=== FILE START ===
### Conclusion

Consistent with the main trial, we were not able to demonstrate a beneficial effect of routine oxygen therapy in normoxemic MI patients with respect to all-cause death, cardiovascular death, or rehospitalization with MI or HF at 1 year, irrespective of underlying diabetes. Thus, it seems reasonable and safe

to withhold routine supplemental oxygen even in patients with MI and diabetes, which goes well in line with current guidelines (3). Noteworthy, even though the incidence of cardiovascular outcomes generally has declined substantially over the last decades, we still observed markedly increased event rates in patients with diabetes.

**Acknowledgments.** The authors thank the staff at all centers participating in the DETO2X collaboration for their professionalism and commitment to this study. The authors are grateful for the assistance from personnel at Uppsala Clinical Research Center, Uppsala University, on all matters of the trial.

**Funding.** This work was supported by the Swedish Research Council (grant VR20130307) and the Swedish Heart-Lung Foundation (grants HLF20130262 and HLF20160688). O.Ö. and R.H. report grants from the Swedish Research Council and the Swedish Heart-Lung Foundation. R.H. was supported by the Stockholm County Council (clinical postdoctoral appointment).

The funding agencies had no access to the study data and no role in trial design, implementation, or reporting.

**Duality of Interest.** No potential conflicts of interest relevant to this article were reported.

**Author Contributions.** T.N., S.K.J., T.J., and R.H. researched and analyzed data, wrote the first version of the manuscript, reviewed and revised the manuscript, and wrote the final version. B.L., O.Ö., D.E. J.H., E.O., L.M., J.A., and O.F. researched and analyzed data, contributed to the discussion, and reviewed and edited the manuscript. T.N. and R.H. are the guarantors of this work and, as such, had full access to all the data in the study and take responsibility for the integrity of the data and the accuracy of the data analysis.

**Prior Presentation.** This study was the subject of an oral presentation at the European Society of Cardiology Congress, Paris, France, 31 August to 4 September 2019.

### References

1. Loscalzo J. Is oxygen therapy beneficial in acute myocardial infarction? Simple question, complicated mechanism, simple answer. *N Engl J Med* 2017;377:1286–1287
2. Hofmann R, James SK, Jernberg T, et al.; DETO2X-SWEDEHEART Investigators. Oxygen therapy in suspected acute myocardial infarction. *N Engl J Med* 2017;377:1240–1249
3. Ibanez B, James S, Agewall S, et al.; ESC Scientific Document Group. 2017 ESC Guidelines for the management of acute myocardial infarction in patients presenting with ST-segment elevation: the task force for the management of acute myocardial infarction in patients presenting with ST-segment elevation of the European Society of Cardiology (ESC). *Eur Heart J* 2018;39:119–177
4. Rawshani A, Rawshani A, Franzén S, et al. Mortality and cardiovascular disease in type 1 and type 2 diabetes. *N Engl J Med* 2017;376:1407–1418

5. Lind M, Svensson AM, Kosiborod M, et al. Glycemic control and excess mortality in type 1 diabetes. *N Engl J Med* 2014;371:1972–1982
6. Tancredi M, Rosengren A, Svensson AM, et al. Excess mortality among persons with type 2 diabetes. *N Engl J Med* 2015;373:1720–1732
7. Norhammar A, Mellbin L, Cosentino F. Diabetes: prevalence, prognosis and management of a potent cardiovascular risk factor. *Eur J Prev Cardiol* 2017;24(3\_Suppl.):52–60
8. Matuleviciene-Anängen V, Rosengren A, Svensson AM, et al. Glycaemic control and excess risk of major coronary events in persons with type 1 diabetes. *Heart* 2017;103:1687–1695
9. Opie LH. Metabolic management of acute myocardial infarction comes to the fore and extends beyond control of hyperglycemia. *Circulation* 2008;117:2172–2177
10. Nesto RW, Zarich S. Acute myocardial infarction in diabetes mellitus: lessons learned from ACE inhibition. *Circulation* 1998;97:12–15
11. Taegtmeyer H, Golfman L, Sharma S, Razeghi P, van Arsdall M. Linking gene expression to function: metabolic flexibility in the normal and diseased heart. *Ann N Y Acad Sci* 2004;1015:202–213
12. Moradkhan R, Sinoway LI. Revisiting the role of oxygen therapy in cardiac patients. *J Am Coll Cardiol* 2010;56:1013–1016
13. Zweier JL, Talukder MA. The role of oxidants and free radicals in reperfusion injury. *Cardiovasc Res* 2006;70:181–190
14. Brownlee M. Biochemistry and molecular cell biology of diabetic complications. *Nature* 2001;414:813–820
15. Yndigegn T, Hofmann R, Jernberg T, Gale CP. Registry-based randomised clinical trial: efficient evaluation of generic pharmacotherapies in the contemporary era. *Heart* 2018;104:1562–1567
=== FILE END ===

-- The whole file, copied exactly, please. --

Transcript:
### Conclusion

Consistent with the main trial, we were not able to demonstrate a beneficial effect of routine oxygen therapy in normoxemic MI patients with respect to all-cause death, cardiovascular death, or rehospitalization with MI or HF at 1 year, irrespective of underlying diabetes. Thus, it seems reasonable and safe

to withhold routine supplemental oxygen even in patients with MI and diabetes, which goes well in line with current guidelines (3). Noteworthy, even though the incidence of cardiovascular outcomes generally has declined substantially over the last decades, we still observed markedly increased event rates in patients with diabetes.

**Acknowledgments.** The authors thank the staff at all centers participating in the DETO2X collaboration for their professionalism and commitment to this study. The authors are grateful for the assistance from personnel at Uppsala Clinical Research Center, Uppsala University, on all matters of the trial.

**Funding.** This work was supported by the Swedish Research Council (grant VR20130307) and the Swedish Heart-Lung Foundation (grants HLF20130262 and HLF20160688). O.Ö. and R.H. report grants from the Swedish Research Council and the Swedish Heart-Lung Foundation. R.H. was supported by the Stockholm County Council (clinical postdoctoral appointment).

The funding agencies had no access to the study data and no role in trial design, implementation, or reporting.

**Duality of Interest.** No potential conflicts of interest relevant to this article were reported.

**Author Contributions.** T.N., S.K.J., T.J., and R.H. researched and analyzed data, wrote the first version of the manuscript, reviewed and revised the manuscript, and wrote the final version. B.L., O.Ö., D.E. J.H., E.O., L.M., J.A., and O.F. researched and analyzed data, contributed to the discussion, and reviewed and edited the manuscript. T.N. and R.H. are the guarantors of this work and, as such, had full access to all the data in the study and take responsibility for the integrity of the data and the accuracy of the data analysis.

**Prior Presentation.** This study was the subject of an oral presentation at the European Society of Cardiology Congress, Paris, France, 31 August to 4 September 2019.

### References

1. Loscalzo J. Is oxygen therapy beneficial in acute myocardial infarction? Simple question, complicated mechanism, simple answer. *N Engl J Med* 2017;377:1286–1287
2. Hofmann R, James SK, Jernberg T, et al.; DETO2X-SWEDEHEART Investigators. Oxygen therapy in suspected acute myocardial infarction. *N Engl J Med* 2017;377:1240–1249
3. Ibanez B, James S, Agewall S, et al.; ESC Scientific Document Group. 2017 ESC Guidelines for the management of acute myocardial infarction in patients presenting with ST-segment elevation: the task force for the management of acute myocardial infarction in patients presenting with ST-segment elevation of the European Society of Cardiology (ESC). *Eur Heart J* 2018;39:119–177
4. Rawshani A, Rawshani A, Franzén S, et al. Mortality and cardiovascular disease in type 1 and type 2 diabetes. *N Engl J Med* 2017;376:1407–1418

5. Lind M, Svensson AM, Kosiborod M, et al. Glycemic control and excess mortality in type 1 diabetes. *N Engl J Med* 2014;371:1972–1982
6. Tancredi M, Rosengren A, Svensson AM, et al. Excess mortality among persons with type 2 diabetes. *N Engl J Med* 2015;373:1720–1732
7. Norhammar A, Mellbin L, Cosentino F. Diabetes: prevalence, prognosis and management of a potent cardiovascular risk factor. *Eur J Prev Cardiol* 2017;24(3\_Suppl.):52–60
8. Matuleviciene-Anängen V, Rosengren A, Svensson AM, et al. Glycaemic control and excess risk of major coronary events in persons with type 1 diabetes. *Heart* 2017;103:1687–1695
9. Opie LH. Metabolic management of acute myocardial infarction comes to the fore and extends beyond control of hyperglycemia. *Circulation* 2008;117:2172–2177
10. Nesto RW, Zarich S. Acute myocardial infarction in diabetes mellitus: lessons learned from ACE inhibition. *Circulation* 1998;97:12–15
11. Taegtmeyer H, Golfman L, Sharma S, Razeghi P, van Arsdall M. Linking gene expression to function: metabolic flexibility in the normal and diseased heart. *Ann N Y Acad Sci* 2004;1015:202–213
12. Moradkhan R, Sinoway LI. Revisiting the role of oxygen therapy in cardiac patients. *J Am Coll Cardiol* 2010;56:1013–1016
13. Zweier JL, Talukder MA. The role of oxidants and free radicals in reperfusion injury. *Cardiovasc Res* 2006;70:181–190
14. Brownlee M. Biochemistry and molecular cell biology of diabetic complications. *Nature* 2001;414:813–820
15. Yndigegn T, Hofmann R, Jernberg T, Gale CP. Registry-based randomised clinical trial: efficient evaluation of generic pharmacotherapies in the contemporary era. *Heart* 2018;104:1562–1567